The “homecoming” or conversion of nearly 57 Muslim families living in slums in Agra has sparked off a controversy, which has once again put the Central government on the defensive, since the action was initiated by an offshoot of the Rashtriya Swayamsevak Sangh (RSS). The converted persons are alleging that they were made to change their religion through deceitful methods. Some Sangh functionaries are now claiming that similar “homecomings”, which are a part of a regular programme of the RSS, would be organised next in Aligarh. It was but natural that there was an uproar in Parliament over the matter and leaders of the Samajwadi Party whose government rules Uttar Pradesh have declared that cases would be registered against the guilty persons.
The incident comes close on the heels of an incendiary speech by Niranjan Jyoti, a Union Minister at the Centre who had recently used abusive and unacceptable language to criticise the opponents of the BJP by describing them as illegitimate children who were pitted in an electoral battle with children of Lord Rama. The conversions like her speech have contributed in vitiating the atmosphere of harmony. The actions are being construed by some as a deliberate attempt by the Sangh Parivar to polarise society on religious line, though for the government the controversy would harm its stated objective of providing good governance and development for all sections of society.
The fundamentalist Hindu groups have now been also agitating for a long time for what they sometimes call “love jihad” by Muslim boys who entice Hindu girls and make them convert to Islam after marrying them. The love “jihad” case of a Meerut girl, who was propped up by some interested parties to publicly claim that she had been forcibly converted to Islam, boomeranged when she admitted that she had gone with her Muslim friend on her own and there was no force involved. Nevertheless, the political climate of western UP remained surcharged and all kinds of fundamentalists had a field day.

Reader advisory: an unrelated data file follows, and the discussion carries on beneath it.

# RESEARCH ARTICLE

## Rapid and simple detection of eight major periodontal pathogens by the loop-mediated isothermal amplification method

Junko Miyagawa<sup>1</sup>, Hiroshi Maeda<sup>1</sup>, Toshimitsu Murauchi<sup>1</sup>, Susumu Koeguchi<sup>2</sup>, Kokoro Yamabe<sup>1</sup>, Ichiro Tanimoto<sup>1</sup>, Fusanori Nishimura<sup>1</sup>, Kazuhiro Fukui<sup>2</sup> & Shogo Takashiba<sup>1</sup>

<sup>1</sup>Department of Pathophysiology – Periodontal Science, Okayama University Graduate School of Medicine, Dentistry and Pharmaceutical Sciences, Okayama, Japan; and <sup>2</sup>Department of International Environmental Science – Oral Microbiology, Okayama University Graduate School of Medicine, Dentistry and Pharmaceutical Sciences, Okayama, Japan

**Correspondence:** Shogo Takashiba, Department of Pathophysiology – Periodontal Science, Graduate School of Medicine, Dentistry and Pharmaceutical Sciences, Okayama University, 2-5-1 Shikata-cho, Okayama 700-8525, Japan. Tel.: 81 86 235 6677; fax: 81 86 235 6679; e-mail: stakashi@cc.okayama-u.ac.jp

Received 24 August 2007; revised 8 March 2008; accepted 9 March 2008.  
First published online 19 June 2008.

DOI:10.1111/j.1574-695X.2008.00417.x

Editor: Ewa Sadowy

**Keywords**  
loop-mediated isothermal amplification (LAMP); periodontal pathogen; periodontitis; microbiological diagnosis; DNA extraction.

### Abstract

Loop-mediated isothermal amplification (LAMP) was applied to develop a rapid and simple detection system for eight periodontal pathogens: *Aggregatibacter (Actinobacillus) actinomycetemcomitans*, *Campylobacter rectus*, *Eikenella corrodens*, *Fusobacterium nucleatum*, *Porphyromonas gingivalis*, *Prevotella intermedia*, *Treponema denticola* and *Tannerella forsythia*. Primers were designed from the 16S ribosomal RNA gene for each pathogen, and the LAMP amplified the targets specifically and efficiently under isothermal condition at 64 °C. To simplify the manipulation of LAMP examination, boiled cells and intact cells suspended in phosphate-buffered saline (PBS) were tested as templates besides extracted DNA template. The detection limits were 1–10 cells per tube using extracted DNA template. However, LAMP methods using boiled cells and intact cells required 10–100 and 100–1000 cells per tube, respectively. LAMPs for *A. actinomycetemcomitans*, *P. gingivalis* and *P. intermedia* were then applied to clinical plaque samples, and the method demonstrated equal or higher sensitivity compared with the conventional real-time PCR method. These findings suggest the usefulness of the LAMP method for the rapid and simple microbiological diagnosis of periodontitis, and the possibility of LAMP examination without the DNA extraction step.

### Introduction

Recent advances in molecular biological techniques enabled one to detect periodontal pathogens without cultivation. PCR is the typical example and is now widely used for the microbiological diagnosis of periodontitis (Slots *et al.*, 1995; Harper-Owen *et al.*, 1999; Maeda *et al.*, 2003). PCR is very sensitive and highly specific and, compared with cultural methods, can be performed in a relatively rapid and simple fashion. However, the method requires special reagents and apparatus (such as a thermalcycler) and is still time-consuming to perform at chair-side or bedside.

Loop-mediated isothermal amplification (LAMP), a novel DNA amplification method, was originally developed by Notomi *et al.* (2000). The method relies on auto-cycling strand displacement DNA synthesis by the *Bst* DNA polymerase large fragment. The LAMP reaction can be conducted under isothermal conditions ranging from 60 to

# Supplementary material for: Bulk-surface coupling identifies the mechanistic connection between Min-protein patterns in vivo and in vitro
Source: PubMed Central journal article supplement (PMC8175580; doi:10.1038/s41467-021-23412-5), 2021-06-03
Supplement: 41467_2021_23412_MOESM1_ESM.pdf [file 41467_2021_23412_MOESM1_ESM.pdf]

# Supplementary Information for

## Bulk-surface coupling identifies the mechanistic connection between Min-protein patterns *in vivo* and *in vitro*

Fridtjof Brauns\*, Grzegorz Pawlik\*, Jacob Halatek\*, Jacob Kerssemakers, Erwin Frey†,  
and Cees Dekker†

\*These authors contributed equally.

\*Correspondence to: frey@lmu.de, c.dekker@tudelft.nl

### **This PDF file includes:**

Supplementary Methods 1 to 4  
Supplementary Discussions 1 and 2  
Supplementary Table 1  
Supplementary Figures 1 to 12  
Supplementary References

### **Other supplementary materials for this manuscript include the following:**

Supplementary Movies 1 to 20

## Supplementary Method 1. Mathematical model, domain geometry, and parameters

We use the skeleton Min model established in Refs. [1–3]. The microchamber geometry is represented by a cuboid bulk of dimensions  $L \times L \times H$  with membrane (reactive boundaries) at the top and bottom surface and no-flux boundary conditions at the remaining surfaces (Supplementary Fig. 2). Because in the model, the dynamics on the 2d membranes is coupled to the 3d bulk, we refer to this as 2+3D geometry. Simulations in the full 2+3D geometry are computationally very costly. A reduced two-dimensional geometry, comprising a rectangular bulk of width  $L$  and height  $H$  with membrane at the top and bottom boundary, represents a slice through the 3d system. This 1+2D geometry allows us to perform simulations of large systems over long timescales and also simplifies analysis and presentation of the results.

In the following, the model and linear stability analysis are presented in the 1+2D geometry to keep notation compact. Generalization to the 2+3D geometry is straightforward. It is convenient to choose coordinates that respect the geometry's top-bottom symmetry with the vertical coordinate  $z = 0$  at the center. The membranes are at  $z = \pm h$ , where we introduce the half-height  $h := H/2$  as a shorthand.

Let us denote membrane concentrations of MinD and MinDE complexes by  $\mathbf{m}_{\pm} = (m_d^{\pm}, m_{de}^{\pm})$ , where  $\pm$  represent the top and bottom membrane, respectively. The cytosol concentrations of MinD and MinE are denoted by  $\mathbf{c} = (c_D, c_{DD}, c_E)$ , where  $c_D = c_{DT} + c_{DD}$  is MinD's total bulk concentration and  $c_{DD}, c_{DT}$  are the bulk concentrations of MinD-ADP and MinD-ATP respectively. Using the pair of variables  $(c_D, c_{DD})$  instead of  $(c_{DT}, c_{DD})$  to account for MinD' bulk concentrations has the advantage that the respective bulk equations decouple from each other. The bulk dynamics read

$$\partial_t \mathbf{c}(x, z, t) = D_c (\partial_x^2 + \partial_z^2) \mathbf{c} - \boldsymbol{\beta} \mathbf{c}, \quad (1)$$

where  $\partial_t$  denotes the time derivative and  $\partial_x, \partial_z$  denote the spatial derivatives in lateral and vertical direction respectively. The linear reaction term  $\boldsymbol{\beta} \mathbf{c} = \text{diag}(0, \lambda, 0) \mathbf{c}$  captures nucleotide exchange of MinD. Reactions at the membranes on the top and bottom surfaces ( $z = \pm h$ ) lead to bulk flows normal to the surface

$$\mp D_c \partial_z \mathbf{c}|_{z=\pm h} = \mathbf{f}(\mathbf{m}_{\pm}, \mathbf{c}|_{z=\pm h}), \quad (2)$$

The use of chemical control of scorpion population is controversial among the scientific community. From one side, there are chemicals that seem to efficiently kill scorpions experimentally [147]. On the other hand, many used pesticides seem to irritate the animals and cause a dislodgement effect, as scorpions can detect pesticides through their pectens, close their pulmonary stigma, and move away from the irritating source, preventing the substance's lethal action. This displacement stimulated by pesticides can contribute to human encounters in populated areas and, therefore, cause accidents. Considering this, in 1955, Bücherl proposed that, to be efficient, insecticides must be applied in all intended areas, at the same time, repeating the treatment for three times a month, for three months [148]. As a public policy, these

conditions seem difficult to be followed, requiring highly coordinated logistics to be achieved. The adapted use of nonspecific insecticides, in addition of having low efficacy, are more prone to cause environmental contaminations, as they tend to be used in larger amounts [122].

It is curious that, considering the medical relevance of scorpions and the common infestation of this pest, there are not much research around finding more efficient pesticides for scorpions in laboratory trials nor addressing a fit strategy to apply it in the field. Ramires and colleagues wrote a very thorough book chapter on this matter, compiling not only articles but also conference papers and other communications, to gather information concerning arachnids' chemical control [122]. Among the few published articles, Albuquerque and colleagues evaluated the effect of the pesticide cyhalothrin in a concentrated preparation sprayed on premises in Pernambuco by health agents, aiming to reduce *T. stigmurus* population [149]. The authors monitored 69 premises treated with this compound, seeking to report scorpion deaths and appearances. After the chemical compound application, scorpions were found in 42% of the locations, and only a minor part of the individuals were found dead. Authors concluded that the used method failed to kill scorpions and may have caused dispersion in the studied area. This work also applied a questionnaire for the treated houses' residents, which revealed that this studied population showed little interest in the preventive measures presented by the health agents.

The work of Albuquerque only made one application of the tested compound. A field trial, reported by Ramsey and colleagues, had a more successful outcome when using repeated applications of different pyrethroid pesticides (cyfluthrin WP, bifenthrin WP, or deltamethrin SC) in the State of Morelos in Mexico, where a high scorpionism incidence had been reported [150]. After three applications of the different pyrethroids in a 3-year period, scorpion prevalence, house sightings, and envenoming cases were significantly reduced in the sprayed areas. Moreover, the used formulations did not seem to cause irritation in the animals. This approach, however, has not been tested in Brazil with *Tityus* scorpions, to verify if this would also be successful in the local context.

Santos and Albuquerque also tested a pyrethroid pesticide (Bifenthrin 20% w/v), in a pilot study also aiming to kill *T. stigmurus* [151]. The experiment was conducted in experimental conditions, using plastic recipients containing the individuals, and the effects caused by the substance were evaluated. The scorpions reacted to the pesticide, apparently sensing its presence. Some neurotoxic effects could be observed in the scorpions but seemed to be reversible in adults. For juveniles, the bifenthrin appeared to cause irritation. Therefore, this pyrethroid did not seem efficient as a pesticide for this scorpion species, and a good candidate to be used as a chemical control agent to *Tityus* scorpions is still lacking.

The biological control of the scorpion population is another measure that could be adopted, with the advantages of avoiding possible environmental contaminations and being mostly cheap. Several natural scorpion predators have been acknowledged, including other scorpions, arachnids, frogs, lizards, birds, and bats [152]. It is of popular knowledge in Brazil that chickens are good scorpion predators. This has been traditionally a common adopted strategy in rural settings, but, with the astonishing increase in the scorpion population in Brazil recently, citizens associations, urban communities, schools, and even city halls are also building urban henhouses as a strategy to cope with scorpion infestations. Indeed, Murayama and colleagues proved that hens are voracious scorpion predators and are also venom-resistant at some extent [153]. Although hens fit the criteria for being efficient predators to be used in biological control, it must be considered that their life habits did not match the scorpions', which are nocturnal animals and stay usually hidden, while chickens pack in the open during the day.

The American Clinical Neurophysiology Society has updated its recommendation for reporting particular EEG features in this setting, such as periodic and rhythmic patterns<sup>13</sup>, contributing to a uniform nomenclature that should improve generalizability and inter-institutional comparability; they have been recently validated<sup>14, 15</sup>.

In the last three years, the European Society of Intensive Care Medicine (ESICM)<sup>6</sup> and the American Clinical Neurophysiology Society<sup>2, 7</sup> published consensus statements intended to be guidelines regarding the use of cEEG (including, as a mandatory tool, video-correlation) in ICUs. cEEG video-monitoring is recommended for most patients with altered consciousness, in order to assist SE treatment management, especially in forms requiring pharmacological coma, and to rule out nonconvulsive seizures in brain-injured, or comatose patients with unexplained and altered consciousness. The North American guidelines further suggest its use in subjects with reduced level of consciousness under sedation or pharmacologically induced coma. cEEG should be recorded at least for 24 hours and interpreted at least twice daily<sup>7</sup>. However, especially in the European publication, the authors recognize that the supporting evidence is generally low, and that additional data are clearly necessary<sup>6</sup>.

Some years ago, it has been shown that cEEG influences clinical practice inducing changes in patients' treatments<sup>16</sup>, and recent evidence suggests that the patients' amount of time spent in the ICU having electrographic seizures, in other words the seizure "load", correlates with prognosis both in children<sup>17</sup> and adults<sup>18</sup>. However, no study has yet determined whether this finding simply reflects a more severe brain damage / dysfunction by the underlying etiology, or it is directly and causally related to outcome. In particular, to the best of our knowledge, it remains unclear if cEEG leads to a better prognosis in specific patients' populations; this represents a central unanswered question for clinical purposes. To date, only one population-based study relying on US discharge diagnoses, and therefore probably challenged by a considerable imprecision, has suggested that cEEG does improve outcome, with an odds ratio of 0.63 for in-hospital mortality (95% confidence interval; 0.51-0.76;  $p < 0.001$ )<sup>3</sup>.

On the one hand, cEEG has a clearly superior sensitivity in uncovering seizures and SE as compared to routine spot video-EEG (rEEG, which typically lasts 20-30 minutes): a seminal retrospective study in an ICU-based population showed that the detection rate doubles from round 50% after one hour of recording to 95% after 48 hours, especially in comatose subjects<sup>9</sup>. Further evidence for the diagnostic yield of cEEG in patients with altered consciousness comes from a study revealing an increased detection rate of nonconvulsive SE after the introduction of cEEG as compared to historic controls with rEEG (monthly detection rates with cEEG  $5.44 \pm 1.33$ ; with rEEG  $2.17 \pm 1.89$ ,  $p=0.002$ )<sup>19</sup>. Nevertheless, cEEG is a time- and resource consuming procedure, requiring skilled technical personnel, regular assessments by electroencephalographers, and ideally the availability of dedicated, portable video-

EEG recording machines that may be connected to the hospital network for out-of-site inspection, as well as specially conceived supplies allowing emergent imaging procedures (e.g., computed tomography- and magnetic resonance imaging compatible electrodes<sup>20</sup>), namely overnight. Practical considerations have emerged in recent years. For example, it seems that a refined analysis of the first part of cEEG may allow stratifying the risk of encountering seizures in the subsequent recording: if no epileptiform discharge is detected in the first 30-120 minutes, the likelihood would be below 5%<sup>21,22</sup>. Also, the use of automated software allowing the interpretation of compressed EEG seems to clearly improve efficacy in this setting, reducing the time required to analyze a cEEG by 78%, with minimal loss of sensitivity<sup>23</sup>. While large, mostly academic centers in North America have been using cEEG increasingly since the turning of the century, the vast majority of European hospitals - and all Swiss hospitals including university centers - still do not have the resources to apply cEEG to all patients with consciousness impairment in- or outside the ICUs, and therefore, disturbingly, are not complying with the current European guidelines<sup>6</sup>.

The short point is that conversion is the fundamental right of any citizen of this country if it is voluntary and without any stress or inducement. No organisation should have any objections if a citizen decides to change his/her religion on his or her own accord. However, in the event of any kind of coercion, a criminal case can be made out against those forcing their will on anybody. There have been instances when film stars have used conversion to give legitimacy to their relationship. Well known actors Dharmendra and Hema Malini, who are now members of the BJP, had got married following conversion to Islam, which permits a man to have more than one wife. Dharmendra was already married and thus the only way he could escape being charged under adultery was to take recourse to conversion since he was madly in love with the Dream Girl of yesteryears. Similarly, when former Indian cricket captain Mansur Ali Khan, the erstwhile Nawab of Pataudi, married top actor Sharmila Tagore, she chose to change her religion in order to go in for the nikaah as per Islamic traditions. There was no hue and cry as there was no force involved and the action was voluntary.
But in the Agra case, it is evident that those who converted are not happy and feel cheated. This is something which is unacceptable. Equally condemnable are efforts of some Muslim and Christian organisations to forcibly convert people of other faiths. The Sangh Parivar has been targeting Christian missionaries and accusing them of offering inducements to tribals and others to change their faith. While it may be true that missionaries do propagate their religion and in some instances use over persuasive efforts to convert ignorant people to their own religion, they on many occasions express their concern for the downtrodden and the oppressed through actions.
For instance, the missionaries choose the most backward areas where government, whose duty it is to provide relief, education, medical facilities and betterment has failed to perform its duties. They try to impart education and improve the overall living conditions and in the process influence the people to embrace Christianity. Whether this amounts to forcible conversion is a matter of debate, though hard-core Hindu elements in the Sangh Parivar find this outrageous and unforgivable, even if they themselves are unable to improve the quality of life of these downtrodden people.
A conversion of a unique kind is also taking place in cities like Delhi where “Bangladeshi Muslims” to escape deportation have taken up Hindu names and publicly worship Hindu deities during festivals. Many of the maids who work in group housing society flats in trans-Yamuna, for instance, have their origin in Bangladesh but are Hindus for all practical purposes now. But this has not made Sangh supporters happy. The problem of conversions is very complex and needs to be dealt with sensitively and with caution. Between us.